You’re always writing it to be something. Later, you decide whether it’ll ever see the light of day. But at the moment of its writing it’s always meant to be something. So, to me there’s no practicing; there’s only editing and publishing or not publishing.—Steve Martin
Writing can be a solitary experience and certainly when I close the door to ponder or write or tweak, it is solitary. Even when I walk around with a post or some other writing in my head, it’s as if I’m in two worlds: the one with the work in progress and the one with other people.
I like solitude. One of my favorite things about copyediting is that it can be downright meditative.
But I also like people and the way research, writing, and editing can bring people together. Research in its many forms often involves other people. And sometimes editing does, too.
I have different expectations for the levels of correctness for different forms of communication. I completely understand an abundance of errors in texts. They may be keyed in on tiny keyboards where normal-sized fingers can easily press multiple keys at a time. I’m also tolerant of errors in emails where both thinking and typing often go quickly. But for printed materials and digital communications that will be around as long as a blog post that could be read by friends and strangers, I expect higher standards of readability and correctness.
The primary and most obvious reason I ask others to edit my posts is that good editing always leads to better writing, both in terms of improving a post and enlightening the original author. Other reasons include the following:
- Editors are good company. As noted previously, asking friends to edit my posts is a good way to stay in touch with them.
- Many voices are better than just one. When I worked for FEMA I often visited radio stations to record quick spots about how listeners could apply for assistance after a disaster. The experience taught me the value of having many voices on radio programs. The same applies to websites.
- It’s collaborative. It’s a way to make my website a more collaborative space, where various ideas can bounce around and new ones can take form.
- Editors are good for my reputation. The blurbs I include about my editors serve as an implicit endorsement of my work and me.
Ideally, editing takes place before publishing. But, thanks to the wonders of digital communication, the two can go in reverse order. Sometimes I may continue writing up to my self-imposed deadline or ask a busy person to edit for me. In situations like these, I post on my blog on time and revise it according to the edits after I receive them.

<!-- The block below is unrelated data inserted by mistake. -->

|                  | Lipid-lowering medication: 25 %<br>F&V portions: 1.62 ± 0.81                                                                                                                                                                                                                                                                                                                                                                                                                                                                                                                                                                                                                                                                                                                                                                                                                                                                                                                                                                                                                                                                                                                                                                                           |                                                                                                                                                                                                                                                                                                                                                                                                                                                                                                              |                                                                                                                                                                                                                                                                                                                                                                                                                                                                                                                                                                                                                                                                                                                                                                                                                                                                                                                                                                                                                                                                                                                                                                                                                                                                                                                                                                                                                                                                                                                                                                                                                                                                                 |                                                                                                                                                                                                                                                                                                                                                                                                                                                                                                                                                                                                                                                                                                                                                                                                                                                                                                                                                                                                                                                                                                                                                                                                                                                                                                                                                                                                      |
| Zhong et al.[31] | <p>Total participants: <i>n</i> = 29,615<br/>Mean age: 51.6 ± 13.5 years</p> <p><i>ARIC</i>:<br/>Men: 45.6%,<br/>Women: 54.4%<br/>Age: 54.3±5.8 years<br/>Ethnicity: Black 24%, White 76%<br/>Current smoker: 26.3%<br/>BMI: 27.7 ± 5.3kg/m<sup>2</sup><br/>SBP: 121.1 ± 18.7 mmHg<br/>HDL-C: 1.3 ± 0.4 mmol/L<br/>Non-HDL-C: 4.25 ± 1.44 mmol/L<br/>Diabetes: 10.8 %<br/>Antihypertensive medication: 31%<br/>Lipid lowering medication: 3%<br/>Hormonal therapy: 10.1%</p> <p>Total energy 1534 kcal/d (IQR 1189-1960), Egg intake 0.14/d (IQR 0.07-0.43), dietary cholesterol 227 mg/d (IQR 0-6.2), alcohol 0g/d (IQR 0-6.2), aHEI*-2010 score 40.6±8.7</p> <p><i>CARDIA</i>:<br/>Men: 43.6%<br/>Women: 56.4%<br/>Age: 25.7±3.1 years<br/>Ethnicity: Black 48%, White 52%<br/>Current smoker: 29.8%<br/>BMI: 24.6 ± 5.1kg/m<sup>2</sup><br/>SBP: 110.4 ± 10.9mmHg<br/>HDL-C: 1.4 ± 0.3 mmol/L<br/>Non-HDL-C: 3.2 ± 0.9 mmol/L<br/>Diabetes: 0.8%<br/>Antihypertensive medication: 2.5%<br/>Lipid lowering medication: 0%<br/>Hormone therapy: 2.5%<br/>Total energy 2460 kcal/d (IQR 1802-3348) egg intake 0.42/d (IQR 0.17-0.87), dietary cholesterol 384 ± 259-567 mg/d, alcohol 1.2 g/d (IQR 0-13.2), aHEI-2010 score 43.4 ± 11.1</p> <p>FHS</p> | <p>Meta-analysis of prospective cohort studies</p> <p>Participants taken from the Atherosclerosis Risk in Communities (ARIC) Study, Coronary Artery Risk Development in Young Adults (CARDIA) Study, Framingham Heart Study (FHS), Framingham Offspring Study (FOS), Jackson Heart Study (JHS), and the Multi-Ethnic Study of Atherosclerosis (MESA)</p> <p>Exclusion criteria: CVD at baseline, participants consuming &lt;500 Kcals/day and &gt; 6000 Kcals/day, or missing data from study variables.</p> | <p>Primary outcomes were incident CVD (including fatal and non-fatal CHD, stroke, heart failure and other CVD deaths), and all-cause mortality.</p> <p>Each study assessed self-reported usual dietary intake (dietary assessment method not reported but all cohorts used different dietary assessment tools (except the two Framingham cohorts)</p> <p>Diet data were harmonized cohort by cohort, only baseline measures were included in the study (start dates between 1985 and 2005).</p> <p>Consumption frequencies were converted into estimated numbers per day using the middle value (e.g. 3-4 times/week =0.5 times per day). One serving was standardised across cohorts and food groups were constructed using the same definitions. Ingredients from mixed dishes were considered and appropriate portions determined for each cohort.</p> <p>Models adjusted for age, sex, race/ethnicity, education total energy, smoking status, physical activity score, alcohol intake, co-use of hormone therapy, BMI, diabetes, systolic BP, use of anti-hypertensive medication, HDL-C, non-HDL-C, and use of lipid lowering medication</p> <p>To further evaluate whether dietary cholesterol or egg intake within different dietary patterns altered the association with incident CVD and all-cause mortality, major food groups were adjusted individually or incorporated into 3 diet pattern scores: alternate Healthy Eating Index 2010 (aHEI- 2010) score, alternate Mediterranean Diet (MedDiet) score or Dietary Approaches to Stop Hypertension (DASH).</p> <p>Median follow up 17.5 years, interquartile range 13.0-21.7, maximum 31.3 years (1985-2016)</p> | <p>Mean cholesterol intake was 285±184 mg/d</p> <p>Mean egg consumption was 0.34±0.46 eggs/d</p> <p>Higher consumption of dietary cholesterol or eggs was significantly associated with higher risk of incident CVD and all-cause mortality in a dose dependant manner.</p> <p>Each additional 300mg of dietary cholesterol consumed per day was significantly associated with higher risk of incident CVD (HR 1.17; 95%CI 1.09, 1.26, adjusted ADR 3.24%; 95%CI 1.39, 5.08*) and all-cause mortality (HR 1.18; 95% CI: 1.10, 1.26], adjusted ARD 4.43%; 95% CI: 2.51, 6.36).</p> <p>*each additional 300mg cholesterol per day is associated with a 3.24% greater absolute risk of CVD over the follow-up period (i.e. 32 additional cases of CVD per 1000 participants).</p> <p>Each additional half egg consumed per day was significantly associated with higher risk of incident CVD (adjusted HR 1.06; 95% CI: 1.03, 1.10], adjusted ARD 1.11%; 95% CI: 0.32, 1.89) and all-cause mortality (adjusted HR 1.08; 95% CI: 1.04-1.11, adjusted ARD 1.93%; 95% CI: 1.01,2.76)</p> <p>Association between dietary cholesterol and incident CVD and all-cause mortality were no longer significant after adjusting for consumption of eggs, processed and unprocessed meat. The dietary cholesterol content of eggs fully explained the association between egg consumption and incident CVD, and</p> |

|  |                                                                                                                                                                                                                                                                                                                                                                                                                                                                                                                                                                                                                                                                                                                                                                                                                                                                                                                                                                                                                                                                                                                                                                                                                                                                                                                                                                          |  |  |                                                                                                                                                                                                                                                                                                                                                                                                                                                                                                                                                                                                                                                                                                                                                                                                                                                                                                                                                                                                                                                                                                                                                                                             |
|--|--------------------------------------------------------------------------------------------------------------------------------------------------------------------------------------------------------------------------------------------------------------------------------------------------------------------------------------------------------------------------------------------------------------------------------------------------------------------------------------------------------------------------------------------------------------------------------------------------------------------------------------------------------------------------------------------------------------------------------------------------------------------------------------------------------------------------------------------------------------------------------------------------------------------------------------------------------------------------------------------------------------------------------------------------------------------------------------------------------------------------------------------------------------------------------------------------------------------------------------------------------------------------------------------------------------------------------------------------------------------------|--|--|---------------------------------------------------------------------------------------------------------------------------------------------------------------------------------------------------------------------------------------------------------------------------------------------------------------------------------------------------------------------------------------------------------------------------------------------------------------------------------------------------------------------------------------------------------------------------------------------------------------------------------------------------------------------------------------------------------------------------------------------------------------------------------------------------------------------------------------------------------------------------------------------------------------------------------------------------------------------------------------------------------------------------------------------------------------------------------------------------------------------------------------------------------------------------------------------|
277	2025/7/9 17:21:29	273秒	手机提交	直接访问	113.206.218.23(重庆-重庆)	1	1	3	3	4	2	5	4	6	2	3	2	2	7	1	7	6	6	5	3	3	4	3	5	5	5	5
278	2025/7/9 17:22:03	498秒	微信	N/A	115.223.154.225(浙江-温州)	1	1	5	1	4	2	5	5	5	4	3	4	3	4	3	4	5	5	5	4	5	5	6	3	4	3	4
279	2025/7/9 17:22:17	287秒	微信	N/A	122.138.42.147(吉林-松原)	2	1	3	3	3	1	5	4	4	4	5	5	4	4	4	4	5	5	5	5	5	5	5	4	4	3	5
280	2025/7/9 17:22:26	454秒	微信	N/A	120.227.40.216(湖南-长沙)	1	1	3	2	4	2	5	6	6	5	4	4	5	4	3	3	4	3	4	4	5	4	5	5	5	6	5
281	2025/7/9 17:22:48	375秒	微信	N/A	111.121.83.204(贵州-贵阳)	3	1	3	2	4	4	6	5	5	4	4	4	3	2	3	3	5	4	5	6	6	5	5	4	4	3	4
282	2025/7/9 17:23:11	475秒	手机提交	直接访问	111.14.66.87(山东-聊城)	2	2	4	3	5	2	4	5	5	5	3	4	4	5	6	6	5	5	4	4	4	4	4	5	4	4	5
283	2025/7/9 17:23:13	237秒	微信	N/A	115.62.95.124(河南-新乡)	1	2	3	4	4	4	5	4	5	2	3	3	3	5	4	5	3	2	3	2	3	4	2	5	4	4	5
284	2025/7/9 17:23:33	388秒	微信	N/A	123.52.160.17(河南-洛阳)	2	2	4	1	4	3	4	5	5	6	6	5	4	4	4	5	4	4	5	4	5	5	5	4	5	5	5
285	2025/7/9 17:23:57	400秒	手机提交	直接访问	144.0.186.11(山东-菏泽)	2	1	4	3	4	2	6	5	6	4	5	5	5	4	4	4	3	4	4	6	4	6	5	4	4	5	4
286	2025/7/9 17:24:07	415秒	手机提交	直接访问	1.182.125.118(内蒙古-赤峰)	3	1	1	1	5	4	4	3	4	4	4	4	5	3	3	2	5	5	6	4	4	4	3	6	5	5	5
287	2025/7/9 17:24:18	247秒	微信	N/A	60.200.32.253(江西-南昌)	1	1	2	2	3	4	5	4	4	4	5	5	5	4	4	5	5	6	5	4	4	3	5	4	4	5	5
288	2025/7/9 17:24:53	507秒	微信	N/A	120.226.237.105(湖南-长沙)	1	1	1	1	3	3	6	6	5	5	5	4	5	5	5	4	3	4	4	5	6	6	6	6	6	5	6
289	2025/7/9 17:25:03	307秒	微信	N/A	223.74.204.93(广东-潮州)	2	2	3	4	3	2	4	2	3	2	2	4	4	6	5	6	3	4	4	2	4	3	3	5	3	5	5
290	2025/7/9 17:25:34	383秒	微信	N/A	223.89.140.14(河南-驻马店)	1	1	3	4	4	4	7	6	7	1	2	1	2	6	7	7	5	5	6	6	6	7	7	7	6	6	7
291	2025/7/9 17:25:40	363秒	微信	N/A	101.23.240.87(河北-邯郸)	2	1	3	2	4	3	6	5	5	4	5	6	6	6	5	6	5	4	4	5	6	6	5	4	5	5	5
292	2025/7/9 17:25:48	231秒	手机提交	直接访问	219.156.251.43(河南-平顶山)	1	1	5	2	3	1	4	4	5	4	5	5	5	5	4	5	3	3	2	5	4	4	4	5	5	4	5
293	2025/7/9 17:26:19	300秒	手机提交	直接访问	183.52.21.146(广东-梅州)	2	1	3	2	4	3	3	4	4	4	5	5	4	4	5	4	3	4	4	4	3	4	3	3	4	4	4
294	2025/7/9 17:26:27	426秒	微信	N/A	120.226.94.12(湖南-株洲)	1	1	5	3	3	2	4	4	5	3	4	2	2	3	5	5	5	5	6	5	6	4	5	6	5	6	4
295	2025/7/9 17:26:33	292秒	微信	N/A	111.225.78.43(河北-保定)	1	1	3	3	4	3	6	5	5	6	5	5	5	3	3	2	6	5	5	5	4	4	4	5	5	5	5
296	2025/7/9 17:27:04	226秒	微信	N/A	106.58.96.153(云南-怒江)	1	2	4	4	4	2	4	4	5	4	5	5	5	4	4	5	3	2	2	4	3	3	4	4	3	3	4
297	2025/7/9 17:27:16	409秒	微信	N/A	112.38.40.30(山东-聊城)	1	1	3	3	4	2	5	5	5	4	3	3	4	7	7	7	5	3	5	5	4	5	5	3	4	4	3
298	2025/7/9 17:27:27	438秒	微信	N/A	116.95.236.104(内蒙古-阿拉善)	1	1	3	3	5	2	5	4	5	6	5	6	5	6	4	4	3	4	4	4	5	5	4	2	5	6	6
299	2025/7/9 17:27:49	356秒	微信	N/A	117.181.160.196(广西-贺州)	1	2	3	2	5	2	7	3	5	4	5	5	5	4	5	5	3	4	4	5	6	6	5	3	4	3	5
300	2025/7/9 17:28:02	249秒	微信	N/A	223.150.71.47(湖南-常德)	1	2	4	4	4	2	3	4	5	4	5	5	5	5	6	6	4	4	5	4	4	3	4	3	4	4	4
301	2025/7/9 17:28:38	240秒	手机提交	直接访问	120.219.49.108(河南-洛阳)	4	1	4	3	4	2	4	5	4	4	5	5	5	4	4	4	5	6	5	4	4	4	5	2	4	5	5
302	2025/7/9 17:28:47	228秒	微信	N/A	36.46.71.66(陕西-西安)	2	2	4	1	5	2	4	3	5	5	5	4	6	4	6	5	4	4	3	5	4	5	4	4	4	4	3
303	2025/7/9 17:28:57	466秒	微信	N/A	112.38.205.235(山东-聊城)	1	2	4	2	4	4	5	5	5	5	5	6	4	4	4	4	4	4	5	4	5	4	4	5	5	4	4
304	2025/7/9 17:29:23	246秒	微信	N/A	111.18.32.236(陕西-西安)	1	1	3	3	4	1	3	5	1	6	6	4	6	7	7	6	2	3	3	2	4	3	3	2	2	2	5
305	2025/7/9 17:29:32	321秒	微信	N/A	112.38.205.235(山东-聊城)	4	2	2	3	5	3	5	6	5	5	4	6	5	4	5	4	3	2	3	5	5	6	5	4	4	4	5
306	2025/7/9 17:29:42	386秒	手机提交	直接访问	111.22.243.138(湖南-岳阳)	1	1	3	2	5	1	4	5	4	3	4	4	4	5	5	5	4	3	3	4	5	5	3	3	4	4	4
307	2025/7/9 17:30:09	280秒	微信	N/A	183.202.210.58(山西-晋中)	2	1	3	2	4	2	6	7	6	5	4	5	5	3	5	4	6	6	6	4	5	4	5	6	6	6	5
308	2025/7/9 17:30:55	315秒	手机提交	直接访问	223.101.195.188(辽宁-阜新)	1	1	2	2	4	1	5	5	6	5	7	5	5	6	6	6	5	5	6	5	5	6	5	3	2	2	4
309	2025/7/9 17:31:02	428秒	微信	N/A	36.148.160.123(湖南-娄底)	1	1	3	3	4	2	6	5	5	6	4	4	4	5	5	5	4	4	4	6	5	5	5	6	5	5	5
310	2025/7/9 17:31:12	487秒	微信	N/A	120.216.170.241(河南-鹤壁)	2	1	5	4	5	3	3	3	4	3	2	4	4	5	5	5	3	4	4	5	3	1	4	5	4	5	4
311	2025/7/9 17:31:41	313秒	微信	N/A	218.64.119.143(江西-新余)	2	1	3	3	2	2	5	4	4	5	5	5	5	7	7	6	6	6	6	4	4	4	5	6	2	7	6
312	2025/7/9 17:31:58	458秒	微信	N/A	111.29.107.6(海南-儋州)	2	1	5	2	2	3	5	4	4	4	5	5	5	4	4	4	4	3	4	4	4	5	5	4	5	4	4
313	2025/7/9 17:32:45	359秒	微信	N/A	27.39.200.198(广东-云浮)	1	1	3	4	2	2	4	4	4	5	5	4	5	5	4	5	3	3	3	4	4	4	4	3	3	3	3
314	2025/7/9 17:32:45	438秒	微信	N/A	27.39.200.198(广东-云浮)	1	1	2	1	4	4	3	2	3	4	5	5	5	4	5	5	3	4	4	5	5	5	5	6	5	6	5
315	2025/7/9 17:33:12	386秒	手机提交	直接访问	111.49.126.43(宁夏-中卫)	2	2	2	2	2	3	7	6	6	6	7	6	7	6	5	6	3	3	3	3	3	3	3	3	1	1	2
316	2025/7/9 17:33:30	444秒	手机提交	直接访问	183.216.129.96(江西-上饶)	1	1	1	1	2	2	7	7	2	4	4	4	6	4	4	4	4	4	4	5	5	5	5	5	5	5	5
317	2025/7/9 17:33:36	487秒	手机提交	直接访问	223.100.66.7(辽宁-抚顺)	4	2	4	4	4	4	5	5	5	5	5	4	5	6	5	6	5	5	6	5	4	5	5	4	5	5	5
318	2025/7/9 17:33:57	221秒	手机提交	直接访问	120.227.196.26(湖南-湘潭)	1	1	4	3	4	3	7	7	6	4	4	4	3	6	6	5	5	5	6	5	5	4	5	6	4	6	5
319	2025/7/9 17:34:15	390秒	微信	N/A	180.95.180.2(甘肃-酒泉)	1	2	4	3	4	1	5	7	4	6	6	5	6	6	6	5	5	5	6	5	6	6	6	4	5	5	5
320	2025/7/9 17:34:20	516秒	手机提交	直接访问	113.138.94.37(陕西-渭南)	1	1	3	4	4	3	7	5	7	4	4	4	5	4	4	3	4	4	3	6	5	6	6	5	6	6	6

For me, publishing has also been a collaborative process. I’ve worked since the start with my user experience designer to create the site, reconstruct it after it was hacked, and more recently to add the capability to subscribe to my blog.
My website is built on the WordPress platform, which makes the act of posting, which I usually do about once a month, relatively easy.
I draft my posts and make editors’ revisions in Microsoft Word. After logging into the administrative side of my website, I copy and paste the document into WordPress and post it. I take additional steps to insert photos and get my most recent post to show up on my landing page. As with many web-based tasks, I think of the whole process as being a bit like the hokey-pokey or a secret handshake.
For those who wish to publish a blog without a website, there are free and paid services for that. I know little about these, but one that looks interesting is Blog Starter (https://www.theblogstarter.com), which coordinates hosting, domain name acquisition and the platform, which is WordPress. It also appears to provide ample hand holding and good customer service.
Questions that may be worth considering include:
- How much does it cost?
- Will there be ads nearby and, if so, what products will be featured?
- Will it be easy for web users to find and open the blog?
Sharing posts is one way publishing can be a social activity. For example, I shared my post about online instruction (http://www.buffygilfoil.com/taking-teaching-from-onsite-to-online/) with all of my sources and that led to a series of Zoom calls with my friend Mariam Nouri, who is extremely fluid in using Zoom and other online resources for teaching. We’ve also talked about her website and blog, https://www.noonology.com/blog.
The post about online instruction also led to a long phone call from my friend Winnie, whose son’s work appeared in the post. Winnie called to connect me with a teacher who does Zoom bingo. The post may have even helped me get steady work in the education field.
Another post, “A Session With Dead Architects” (http://www.buffygilfoil.com/a-session-with-dead-architects/) was about a cemetery tour I took with the Institute of Classical Architecture and Art. The post won a prize from the National Federation of Press Women and I’ve mentioned it when I’ve gone sketching with ICAA members. Since I’m a rookie sketcher, it’s nice to be able to show proficiency in another area, as well as a shared interest with other group members. In addition, one of the sketchers talk me about Liz Steel’s website (https://www.lizsteel.com), which has been an inspiration to me.
I could write more and I may need to add or subtract to make my presentation the right length, but for now I’m going to turn my attention to the Zoom presentation for Senior Planet. Developing Zoom skills is something that will also be useful in my life in classrooms.
Meanwhile, as Mr. Spock would say, “Live long and prosper.”
My guest editor for this three-part series of posts was Vicky Tangi, who teaches English as a Second Language to adults and whose writing has been appeared in Louisiana Literature, the Journal of College Writing, The Advocate and numerous literary anthologies.
If you’d like to hire me to help you with a blog or other writing project, please let me know.